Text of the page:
International Adoption Info

Newsletter #120 for Internationally Adopting Parents
November 12, 2009 PAL Center Inc.


BGCenter Opens its
West Coast Office -
the BGCenter-West!

Dr. B. Gindis
will travel between offices and
provide services in both Centers

opens in cooperation with
Leaps and Bounds
Pediatric Therapy Center

at 1760 E Pecos Rd.
Gilbert, AZ 85296

Please call the main number at
for the advanced scheduling
in both locations

Conferences and Workshops

Sunday, November 22, 2009
8:00 a.m. - 5:00 p.m.

The 29th Annual APC
Adoption Conference

Dr. Gindis presents:

Psychological Assessment of Internationally Adopted Children

Fetal Alcohol Syndrome Disorder in International Adoptees

More details

You receive this newsletter
as a former client or correspondent
of the Center for Cognitive-Developmental
Assessment & Remediation,
or a former student
of the BGCenter Online School,
or a user of the International Adoption Articles Directory.



Latest Articles
from the

International Adoption Articles

From Our Database

Autistic Child

Institutional autism is understood as a learned behavior produced by an institutional environment such as an orphanage. Some autistic-like behaviors may be adaptive in an institution, but become mal-adaptive after the child's adoption into a family. A differential diagnosis between autism as a medical condition and learned autistic-like post-institutional behaviors is to be made.

A conclusion is drawn that institutional autism is merely a description of certain patterns of post-institutionalized behavior that may appear similar to what is observed in children with autism. Abrupt native language attrition, typical for the majority of international adoptees, could contribute to autistic-like behavior.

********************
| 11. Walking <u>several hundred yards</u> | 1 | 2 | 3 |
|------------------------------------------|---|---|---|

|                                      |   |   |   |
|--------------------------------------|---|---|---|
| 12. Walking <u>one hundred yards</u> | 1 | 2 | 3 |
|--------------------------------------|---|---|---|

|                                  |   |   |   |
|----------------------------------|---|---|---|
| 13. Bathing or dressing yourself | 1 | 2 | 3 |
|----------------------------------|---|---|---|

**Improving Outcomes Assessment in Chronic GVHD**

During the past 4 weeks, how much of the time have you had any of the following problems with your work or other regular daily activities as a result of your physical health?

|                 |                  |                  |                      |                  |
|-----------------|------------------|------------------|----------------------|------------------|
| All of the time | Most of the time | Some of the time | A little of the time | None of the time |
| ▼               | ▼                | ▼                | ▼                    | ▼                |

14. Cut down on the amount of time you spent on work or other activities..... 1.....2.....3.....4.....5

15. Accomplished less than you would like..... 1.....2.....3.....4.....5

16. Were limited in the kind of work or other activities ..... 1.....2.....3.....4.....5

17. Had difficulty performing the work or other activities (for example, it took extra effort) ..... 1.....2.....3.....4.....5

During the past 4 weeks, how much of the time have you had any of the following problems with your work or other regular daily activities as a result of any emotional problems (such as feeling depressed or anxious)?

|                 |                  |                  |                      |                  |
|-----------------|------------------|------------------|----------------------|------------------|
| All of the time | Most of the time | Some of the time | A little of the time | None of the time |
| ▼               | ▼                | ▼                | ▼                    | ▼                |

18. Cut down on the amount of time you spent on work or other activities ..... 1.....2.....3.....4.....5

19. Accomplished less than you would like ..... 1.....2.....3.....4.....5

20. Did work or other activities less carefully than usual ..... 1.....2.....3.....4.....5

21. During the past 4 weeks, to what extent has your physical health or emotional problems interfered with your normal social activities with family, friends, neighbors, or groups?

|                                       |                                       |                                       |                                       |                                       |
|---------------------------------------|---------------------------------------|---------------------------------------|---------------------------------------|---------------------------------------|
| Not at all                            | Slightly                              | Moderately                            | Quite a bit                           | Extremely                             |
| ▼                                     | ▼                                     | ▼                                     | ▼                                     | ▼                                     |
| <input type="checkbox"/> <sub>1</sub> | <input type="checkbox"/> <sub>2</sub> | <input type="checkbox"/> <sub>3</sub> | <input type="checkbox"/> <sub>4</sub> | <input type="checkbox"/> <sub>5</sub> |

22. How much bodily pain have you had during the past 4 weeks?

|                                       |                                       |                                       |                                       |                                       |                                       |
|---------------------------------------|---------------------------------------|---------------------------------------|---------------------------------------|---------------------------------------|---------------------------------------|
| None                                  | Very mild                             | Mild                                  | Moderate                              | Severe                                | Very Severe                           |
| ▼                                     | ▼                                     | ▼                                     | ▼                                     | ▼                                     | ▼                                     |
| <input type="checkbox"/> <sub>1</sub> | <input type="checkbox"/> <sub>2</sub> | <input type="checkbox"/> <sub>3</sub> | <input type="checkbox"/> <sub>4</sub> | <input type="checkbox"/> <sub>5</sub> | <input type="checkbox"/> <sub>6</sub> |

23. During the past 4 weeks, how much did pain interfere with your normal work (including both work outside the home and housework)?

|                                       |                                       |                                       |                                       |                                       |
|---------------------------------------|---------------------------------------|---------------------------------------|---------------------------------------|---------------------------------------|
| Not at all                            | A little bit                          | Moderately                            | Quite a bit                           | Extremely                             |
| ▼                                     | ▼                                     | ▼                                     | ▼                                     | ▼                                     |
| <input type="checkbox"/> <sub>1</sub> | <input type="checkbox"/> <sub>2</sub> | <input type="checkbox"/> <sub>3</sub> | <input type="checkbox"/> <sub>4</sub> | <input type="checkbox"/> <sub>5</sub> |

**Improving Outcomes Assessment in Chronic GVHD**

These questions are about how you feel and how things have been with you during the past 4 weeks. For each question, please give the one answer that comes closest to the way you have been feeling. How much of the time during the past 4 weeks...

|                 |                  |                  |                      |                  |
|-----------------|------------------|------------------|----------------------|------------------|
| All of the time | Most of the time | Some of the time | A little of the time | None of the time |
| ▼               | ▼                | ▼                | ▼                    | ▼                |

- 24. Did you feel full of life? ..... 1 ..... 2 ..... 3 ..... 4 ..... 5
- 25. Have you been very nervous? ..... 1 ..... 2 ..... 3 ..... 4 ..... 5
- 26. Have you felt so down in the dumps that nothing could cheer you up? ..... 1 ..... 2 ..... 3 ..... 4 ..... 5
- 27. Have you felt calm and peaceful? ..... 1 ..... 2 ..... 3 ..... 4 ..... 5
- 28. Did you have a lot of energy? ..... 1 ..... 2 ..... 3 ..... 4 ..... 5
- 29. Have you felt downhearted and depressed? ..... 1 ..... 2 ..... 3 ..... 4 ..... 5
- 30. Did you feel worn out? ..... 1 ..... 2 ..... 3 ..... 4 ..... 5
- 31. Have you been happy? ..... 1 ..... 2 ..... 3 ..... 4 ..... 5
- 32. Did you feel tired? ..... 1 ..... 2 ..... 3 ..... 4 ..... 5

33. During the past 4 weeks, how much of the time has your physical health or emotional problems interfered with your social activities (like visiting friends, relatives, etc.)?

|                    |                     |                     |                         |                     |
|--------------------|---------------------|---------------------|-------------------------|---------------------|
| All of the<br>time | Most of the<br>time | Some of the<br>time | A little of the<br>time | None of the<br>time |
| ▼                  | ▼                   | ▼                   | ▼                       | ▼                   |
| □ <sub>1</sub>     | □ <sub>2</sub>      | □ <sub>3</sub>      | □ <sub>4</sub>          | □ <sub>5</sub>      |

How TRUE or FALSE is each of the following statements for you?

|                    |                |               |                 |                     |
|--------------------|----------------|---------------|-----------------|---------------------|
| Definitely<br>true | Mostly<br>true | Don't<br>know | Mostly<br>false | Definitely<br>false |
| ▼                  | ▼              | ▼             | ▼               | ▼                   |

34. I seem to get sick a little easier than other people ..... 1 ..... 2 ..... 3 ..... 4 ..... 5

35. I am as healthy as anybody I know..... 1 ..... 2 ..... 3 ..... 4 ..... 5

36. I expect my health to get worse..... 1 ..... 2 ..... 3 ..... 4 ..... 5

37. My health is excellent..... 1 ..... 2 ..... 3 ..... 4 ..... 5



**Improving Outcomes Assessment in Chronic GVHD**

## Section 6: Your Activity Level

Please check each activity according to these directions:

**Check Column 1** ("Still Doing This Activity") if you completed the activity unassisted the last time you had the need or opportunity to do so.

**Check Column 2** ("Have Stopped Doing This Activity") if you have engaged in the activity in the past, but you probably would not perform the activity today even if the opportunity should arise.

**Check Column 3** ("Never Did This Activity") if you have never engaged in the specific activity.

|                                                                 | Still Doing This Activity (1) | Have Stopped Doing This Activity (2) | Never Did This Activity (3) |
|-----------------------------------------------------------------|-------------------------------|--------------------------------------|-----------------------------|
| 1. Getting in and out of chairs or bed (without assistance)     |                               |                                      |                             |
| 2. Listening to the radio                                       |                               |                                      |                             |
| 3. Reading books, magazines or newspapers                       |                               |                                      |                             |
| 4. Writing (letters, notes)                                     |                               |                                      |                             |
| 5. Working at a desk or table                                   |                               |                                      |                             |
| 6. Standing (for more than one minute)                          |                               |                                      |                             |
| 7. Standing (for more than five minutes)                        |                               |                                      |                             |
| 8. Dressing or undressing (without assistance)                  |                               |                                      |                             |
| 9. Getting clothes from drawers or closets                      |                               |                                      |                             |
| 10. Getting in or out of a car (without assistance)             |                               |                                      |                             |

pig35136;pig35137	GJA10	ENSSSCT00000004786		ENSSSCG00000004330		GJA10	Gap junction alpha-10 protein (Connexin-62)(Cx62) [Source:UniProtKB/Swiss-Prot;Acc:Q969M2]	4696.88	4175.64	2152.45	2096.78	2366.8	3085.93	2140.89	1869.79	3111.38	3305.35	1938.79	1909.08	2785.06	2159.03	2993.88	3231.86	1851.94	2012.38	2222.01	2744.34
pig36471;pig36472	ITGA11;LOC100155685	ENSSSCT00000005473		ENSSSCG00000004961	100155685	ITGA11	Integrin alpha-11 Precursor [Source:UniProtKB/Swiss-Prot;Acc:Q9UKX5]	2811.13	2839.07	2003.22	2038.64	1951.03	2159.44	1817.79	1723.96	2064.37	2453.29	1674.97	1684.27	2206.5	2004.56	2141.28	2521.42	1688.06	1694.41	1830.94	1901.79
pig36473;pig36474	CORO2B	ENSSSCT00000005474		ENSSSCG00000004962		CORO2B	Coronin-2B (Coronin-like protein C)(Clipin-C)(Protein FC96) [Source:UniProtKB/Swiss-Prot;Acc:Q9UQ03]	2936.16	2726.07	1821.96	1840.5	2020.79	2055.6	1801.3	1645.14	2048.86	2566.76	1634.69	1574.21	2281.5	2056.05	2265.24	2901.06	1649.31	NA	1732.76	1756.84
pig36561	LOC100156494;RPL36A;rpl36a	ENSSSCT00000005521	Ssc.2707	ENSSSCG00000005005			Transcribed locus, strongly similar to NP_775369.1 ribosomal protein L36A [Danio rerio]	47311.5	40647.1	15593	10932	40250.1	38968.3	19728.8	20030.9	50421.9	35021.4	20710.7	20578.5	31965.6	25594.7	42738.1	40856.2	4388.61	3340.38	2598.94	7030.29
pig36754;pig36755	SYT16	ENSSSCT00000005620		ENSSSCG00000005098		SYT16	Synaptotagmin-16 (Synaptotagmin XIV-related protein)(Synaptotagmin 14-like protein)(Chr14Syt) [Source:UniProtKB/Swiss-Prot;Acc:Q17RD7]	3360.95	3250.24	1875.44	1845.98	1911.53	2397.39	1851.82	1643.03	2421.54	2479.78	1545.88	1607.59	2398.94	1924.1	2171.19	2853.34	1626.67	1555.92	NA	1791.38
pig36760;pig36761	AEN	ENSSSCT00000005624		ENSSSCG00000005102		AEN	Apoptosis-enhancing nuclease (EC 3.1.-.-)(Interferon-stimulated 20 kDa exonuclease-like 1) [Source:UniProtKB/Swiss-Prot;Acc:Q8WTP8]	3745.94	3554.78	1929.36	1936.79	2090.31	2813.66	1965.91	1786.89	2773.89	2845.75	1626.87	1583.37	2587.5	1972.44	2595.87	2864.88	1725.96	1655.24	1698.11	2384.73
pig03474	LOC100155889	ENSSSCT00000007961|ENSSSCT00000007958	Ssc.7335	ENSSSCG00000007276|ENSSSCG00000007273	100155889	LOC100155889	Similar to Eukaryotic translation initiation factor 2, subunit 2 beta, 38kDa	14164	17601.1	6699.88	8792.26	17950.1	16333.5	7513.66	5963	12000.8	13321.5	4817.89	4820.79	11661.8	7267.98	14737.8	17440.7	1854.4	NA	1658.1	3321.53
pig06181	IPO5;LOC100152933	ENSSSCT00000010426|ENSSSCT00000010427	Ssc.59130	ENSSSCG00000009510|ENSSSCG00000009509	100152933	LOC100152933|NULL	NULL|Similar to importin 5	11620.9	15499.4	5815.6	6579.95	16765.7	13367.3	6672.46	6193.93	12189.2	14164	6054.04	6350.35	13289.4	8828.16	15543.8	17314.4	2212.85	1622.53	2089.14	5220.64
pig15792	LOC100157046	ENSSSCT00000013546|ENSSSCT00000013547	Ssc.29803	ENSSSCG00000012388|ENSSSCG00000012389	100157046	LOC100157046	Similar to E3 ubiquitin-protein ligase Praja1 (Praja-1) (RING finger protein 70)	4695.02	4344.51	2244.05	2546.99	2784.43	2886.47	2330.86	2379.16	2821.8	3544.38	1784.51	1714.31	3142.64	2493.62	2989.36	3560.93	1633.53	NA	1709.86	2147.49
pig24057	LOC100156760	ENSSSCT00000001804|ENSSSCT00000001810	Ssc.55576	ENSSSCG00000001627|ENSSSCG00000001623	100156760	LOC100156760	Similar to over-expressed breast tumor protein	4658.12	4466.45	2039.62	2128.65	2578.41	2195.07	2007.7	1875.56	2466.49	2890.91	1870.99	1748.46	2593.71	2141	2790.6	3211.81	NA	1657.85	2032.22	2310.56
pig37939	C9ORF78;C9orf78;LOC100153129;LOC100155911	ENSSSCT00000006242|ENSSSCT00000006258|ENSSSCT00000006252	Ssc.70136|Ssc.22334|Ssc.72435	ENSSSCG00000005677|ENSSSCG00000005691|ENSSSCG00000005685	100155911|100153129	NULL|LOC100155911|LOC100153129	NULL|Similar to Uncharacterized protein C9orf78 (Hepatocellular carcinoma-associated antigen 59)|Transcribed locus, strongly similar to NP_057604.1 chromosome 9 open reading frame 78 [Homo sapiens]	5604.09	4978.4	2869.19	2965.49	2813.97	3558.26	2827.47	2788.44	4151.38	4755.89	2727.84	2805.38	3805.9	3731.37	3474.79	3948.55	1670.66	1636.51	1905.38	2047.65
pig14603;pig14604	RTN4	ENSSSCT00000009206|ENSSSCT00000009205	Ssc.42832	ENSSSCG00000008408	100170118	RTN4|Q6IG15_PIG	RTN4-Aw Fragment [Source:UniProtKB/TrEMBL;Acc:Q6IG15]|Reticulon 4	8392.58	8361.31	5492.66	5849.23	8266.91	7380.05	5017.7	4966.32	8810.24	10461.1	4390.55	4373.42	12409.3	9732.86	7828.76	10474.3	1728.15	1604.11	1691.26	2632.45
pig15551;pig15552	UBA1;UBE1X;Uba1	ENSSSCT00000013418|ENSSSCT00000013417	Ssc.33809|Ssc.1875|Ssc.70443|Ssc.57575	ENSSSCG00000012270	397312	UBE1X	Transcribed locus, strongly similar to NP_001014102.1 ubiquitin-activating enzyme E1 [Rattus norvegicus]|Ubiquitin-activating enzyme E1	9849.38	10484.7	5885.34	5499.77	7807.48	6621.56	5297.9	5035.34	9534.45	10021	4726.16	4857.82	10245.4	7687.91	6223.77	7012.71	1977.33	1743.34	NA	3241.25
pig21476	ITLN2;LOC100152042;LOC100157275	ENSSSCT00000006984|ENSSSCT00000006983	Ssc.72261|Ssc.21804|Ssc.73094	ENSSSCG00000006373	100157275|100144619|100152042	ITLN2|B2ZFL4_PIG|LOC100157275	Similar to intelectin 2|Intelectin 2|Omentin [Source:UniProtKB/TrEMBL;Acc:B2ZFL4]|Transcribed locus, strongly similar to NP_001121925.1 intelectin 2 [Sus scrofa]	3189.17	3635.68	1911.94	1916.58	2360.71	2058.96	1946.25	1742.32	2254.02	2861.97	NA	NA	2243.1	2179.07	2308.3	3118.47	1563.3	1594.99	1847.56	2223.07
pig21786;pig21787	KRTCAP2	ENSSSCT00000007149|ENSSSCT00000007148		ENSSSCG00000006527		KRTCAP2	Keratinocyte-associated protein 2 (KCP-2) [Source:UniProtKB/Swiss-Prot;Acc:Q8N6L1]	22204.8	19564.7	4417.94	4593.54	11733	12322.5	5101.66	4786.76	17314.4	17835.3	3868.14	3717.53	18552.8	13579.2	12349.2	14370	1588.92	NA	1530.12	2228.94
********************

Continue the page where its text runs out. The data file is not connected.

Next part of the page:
Given the fact that the core features of autism are delayed or impaired language skills and communication, professionals widely advise families to only speak and teach one language to their autistic child, namely the official language of the country they live in. Bilingual families are therefore faced with the traumatic decision of deciding which language they should raise their autistic child in.

Internationally adopted children with autistic features are in a especially difficult situation: they may become nonverbal, forgetting the native language and not being able to learn the new one at an age appropriate level.

Dr. B. Gindis
Institutional Autism In Children Adopted Internationally:
Myth Or Reality?

Nicole Beurkens
Nonverbal Communication: What’s it all about?

Internet Digest
Molnar-Szakacs, PhD (ADVANCE Newsletter)
Emotion in the Autistic Brain

Hilda Pressman, MA, CCC-SLP, BRS-S (ADVANCE Newsletter)
NJ Law Mandates Autism Treatment Coverage
New classes will open soon at the BGCenter Online School

Online class PC1
The first year home: What to expect and how to respond

Dr. Patty Cogen, the author of the book
Parenting Your Internationally Adopted Child--from your first hours together through the teen years.

Online class SJM1
Adopting a Child From Birth
to Three Years Old

Jean Roe Mauro, LCSW and Sara-Jane Hardman, the authors
of the book

If I love my kid enough

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